(Conlangs) Q&A Thread - Quick questions go here

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Salmoneus
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Re: (Conlangs) Q&A Thread - Quick questions go here

Post by Salmoneus »

There's no answer to that, because "time travel" is not a well-defined concept.

The two big questions would be: how widespread is time travel?; and what are the consequences of time travel on causality? [is this an eternal loop scenario, or a rewriting/many-worlds scenario? And if it's an eternal loop, does it permit self-caused events?]


[let's assume massive time-migration.
With self-caused events in an eternal loop, you could have people at A speaking English, and then suddenly people arrive from the future speaking Blagblag, a language that has never previously existed, and they convert everyone at A to speaking Blagblag, so it ends up being the majority language at B (a later time), at which point people go back and introduce Blagblag back to A.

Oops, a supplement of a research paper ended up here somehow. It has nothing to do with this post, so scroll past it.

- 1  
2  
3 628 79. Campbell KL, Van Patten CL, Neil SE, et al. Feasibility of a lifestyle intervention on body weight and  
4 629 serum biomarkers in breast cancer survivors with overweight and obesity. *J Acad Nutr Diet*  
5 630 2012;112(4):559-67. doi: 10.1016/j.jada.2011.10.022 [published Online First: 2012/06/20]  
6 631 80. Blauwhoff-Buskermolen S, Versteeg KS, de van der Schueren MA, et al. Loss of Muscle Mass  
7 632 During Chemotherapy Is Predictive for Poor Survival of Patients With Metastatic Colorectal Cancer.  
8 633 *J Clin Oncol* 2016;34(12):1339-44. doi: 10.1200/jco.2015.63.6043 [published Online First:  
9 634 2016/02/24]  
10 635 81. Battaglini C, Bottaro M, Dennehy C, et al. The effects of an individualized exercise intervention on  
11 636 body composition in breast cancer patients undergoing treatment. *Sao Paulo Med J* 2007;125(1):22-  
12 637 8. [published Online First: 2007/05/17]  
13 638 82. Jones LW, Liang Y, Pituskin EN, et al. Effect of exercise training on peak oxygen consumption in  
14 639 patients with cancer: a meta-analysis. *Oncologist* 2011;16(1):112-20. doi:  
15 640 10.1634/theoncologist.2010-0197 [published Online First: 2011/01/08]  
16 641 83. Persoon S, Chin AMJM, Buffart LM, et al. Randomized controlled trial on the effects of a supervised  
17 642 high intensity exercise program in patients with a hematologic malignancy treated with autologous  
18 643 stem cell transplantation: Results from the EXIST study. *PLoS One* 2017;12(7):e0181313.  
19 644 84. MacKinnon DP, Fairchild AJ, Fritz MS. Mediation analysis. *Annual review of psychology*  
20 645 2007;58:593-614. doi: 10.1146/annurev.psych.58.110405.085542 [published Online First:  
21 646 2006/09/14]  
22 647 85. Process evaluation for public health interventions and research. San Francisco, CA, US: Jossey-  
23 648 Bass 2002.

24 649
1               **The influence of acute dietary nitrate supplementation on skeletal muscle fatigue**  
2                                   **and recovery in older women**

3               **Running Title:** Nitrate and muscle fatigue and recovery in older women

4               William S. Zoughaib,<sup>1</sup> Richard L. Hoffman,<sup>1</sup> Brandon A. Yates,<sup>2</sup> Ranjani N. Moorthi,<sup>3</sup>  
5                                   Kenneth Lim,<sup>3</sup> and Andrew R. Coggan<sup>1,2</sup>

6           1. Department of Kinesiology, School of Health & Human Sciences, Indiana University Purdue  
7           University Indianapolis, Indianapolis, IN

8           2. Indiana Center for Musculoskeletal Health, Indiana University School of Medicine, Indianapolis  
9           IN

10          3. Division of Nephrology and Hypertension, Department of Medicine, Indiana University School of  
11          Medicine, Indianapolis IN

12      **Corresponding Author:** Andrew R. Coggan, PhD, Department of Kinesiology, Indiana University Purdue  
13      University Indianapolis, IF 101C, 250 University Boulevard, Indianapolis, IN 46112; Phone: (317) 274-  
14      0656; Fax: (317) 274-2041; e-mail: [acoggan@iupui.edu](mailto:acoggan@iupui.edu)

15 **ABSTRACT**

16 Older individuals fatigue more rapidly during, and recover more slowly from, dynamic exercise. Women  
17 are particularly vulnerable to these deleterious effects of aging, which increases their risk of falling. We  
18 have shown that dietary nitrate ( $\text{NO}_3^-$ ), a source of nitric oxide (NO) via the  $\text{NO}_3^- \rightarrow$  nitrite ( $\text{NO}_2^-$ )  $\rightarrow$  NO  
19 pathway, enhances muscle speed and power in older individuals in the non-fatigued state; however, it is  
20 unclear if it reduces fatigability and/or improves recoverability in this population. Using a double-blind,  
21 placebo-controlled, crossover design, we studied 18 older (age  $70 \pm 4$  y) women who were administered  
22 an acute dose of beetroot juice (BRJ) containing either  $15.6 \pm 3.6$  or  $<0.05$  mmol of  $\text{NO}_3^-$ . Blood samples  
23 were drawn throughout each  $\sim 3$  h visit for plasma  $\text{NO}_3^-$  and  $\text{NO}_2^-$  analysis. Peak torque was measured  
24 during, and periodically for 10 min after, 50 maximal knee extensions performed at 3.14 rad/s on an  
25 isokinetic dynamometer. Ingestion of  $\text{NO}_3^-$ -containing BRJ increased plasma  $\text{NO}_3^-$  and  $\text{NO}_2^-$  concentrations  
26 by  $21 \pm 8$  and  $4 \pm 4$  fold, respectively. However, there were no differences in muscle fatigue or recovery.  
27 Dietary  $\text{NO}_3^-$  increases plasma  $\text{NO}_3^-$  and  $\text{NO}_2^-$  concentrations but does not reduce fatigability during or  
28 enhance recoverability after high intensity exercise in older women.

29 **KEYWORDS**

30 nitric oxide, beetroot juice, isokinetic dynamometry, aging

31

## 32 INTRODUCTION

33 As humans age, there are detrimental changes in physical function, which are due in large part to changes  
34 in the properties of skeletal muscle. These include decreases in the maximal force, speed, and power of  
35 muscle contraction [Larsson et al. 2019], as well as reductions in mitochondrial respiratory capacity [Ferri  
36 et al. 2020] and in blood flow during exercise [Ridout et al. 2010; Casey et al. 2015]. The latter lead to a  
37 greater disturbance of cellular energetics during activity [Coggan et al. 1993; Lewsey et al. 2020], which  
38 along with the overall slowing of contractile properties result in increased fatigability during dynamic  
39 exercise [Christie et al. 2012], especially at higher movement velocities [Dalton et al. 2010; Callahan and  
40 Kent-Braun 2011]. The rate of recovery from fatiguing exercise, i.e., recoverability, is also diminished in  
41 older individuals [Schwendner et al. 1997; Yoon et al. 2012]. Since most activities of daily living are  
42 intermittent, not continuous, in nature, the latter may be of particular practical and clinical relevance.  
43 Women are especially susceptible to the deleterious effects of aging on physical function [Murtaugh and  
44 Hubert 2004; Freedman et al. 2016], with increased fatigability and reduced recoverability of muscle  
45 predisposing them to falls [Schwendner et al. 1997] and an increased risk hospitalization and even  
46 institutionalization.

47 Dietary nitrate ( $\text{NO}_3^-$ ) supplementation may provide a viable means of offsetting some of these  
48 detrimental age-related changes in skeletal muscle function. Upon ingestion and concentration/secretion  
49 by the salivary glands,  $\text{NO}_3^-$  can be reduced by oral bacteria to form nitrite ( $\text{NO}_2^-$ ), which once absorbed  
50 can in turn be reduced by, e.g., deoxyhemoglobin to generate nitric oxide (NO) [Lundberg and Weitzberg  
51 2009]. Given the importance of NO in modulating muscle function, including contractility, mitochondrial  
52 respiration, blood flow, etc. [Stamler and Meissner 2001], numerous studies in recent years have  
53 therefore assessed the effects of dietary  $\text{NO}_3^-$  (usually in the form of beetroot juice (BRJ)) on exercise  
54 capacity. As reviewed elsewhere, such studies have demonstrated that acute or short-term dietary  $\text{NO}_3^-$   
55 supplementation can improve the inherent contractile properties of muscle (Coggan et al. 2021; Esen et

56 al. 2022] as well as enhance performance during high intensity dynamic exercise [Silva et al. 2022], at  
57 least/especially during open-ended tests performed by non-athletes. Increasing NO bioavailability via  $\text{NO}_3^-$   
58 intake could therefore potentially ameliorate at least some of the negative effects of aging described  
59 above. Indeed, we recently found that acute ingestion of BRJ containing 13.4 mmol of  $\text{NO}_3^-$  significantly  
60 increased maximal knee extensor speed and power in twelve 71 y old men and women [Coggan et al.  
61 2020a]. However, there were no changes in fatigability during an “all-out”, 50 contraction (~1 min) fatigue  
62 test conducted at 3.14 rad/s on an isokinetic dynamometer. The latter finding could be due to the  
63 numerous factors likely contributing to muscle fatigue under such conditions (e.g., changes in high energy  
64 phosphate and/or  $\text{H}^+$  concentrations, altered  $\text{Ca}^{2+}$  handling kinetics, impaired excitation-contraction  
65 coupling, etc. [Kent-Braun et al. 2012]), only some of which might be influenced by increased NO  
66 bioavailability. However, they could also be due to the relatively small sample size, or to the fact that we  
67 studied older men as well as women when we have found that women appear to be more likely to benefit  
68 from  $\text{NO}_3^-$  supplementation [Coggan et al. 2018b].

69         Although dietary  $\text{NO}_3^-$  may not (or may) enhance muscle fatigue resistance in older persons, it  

With an eternal loop without self-causation, it doesn't matter what language the time-travellers speak, since they cannot alter the speech at A: if they did, they would have influenced the development of B-language, and hence partially caused it, which would be impossible. So either time travel is impossible, or else there must be sinister laws of nature that act to 'randomly' (but predictably) prevent paradoxes through bizarre contrivances and coincidences.